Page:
The Japanese Ministry of Agriculture has taken their study a step further and now certify trails as the best for Shinrin-yoku. They gathered blood samples and other metrics, before and after participants walk a trail. Then scientists analyzed the results. What they found was an increase in white blood cells, called killer cells, a kind of cell that fights infection and other immune system indicators that point to better health. In several studies, the killer cells increased by 50%. If the results are within a specified range the trail is certified as a Shinrin-yoku trail.

Scientists in several countries, including the United States and Finland, think the health benefits come from phytoncides, or antimicrobial organic compounds given off by plants. The idea is that breathing in the substance gives people the feeling of relaxation. The other explanation is that there is an “awe” factor similar to that of astronauts who view earth from space, the admiration of the Grand Canyon, or Monument Valley in Utah.

Perhaps it’s living inside with so much technology that prompts us to visit the trees and seek out the smells and sounds of nature. We crave a feeling of well being and enjoy the beauty of nature and the benefits of drinking in the sunshine, oxygen, and colors of the landscape. Whatever it is, it’s good for us.

King Aurthur of Monument Valley part 3

The Conclusion of Monument Valley by Magda Santos

Monument Valley

Monument Valley

As we continued our journey, I’d dream of King Arthur. He’d come to me, but I rebuffed him. I’ve lived in New York all my life and I know not everything is what it seems. It didn’t seem a good idea to go along with someone I had just met for a few hours in a valley. I’d come across lots of people claiming to be spiritual. They didn’t always have the experience they claimed. They weren’t as skilled as they said they were, and neither did they have my best interest in mind.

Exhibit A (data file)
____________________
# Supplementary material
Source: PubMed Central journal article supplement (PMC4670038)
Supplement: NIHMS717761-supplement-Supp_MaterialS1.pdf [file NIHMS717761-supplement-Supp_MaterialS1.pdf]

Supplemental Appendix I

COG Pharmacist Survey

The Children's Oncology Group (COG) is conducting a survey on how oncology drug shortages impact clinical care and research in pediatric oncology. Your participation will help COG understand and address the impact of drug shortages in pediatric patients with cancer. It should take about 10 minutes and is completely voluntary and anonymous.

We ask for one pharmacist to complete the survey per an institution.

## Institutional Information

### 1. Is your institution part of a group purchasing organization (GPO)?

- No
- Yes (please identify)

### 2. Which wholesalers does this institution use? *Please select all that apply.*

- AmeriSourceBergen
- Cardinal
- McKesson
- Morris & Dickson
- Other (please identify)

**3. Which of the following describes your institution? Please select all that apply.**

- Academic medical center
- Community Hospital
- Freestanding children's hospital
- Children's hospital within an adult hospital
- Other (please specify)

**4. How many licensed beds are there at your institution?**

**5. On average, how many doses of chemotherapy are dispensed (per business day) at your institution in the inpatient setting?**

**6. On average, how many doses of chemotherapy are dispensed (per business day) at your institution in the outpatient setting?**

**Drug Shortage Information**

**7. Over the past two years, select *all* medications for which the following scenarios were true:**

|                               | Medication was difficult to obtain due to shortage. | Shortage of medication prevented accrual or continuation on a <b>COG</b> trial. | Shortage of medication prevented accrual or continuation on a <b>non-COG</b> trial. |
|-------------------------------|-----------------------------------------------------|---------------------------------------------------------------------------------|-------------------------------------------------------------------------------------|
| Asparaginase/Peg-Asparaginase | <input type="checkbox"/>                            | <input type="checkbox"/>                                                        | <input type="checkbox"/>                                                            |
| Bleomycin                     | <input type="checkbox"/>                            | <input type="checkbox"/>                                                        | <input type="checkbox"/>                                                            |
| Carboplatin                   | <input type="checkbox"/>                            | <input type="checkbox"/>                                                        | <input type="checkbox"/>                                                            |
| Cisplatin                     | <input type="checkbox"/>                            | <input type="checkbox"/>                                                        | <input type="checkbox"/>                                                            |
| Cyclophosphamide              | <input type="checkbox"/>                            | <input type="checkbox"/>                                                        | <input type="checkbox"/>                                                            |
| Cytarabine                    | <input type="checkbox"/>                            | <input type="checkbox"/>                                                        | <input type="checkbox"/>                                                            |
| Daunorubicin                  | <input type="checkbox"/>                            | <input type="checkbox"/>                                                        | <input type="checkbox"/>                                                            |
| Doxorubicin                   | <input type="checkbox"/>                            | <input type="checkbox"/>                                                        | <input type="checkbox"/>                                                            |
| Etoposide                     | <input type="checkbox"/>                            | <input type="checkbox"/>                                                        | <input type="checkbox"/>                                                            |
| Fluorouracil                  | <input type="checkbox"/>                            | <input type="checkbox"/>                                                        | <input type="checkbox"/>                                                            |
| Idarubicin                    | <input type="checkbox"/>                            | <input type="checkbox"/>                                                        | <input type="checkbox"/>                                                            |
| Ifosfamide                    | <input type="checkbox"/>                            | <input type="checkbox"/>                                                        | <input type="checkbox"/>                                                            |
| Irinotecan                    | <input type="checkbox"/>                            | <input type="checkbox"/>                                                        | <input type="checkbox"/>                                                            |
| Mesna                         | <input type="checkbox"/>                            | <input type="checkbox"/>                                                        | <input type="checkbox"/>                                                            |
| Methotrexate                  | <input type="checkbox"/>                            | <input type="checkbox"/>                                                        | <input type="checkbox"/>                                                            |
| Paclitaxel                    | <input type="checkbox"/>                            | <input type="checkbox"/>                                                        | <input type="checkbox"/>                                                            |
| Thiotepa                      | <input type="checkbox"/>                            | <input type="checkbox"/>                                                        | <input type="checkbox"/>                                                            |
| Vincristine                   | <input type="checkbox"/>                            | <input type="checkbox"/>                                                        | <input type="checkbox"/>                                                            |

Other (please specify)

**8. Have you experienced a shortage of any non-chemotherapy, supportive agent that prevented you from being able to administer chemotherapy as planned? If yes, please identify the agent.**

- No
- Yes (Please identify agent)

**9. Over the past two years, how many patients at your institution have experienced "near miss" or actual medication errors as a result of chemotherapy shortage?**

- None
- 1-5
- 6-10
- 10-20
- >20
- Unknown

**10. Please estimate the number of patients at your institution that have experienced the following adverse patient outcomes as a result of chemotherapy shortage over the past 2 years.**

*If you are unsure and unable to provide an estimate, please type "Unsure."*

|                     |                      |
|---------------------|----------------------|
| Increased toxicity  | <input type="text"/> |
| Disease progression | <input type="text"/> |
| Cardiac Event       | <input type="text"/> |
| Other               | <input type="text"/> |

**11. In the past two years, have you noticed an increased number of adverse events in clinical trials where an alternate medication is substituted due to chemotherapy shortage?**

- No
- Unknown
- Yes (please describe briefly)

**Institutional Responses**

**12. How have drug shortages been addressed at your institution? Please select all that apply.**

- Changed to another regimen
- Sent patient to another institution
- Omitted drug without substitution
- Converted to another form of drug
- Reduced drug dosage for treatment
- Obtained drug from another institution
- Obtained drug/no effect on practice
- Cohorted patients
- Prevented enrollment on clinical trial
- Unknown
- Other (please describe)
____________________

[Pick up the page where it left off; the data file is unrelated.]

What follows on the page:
We finally got home to Florida and I didn’t see King Arthur in my dreams again but I was still drawn to the Valley as I slept at night. After some prayers and preparations, I finally relented and decided to go to the archaeological site, the place that called me. I walked over to the huge smooth stone and laid down, looking up at the night sky through the immense opening at the top.

A few seconds later two large men dressed in native clothing appeared. Each of them grabbed one of my arms. The funny thing is I didn’t feel like struggling. They were walking with great determination to some destination unknown to me. Within a few more seconds, I was standing in front of a pedestal with a large bowl on top. My two guides were still with me but I didn’t know what to do next. Then one of them put his hand on the back of my head and pushed it into the water in the bowl. I didn’t feel like I was drowning, and I had no fear at all. When I lifted my head up, I was relaxed and felt very strong and sure of myself.

Then everything shifted and I found myself on top of a mesa. I was walked a few more steps then turned to the left. I’m asked to kneel. Someone points and whispers in my ear, “the storyteller.” I feel a heavy blanket placed on my shoulders. It keeps me focused for a few more seconds. I find myself searching my thoughts for meaning and then I’m home, in my body. The sound of birds chirping at my window wakes me. I look over to the night stand and it’s time to start getting ready for work.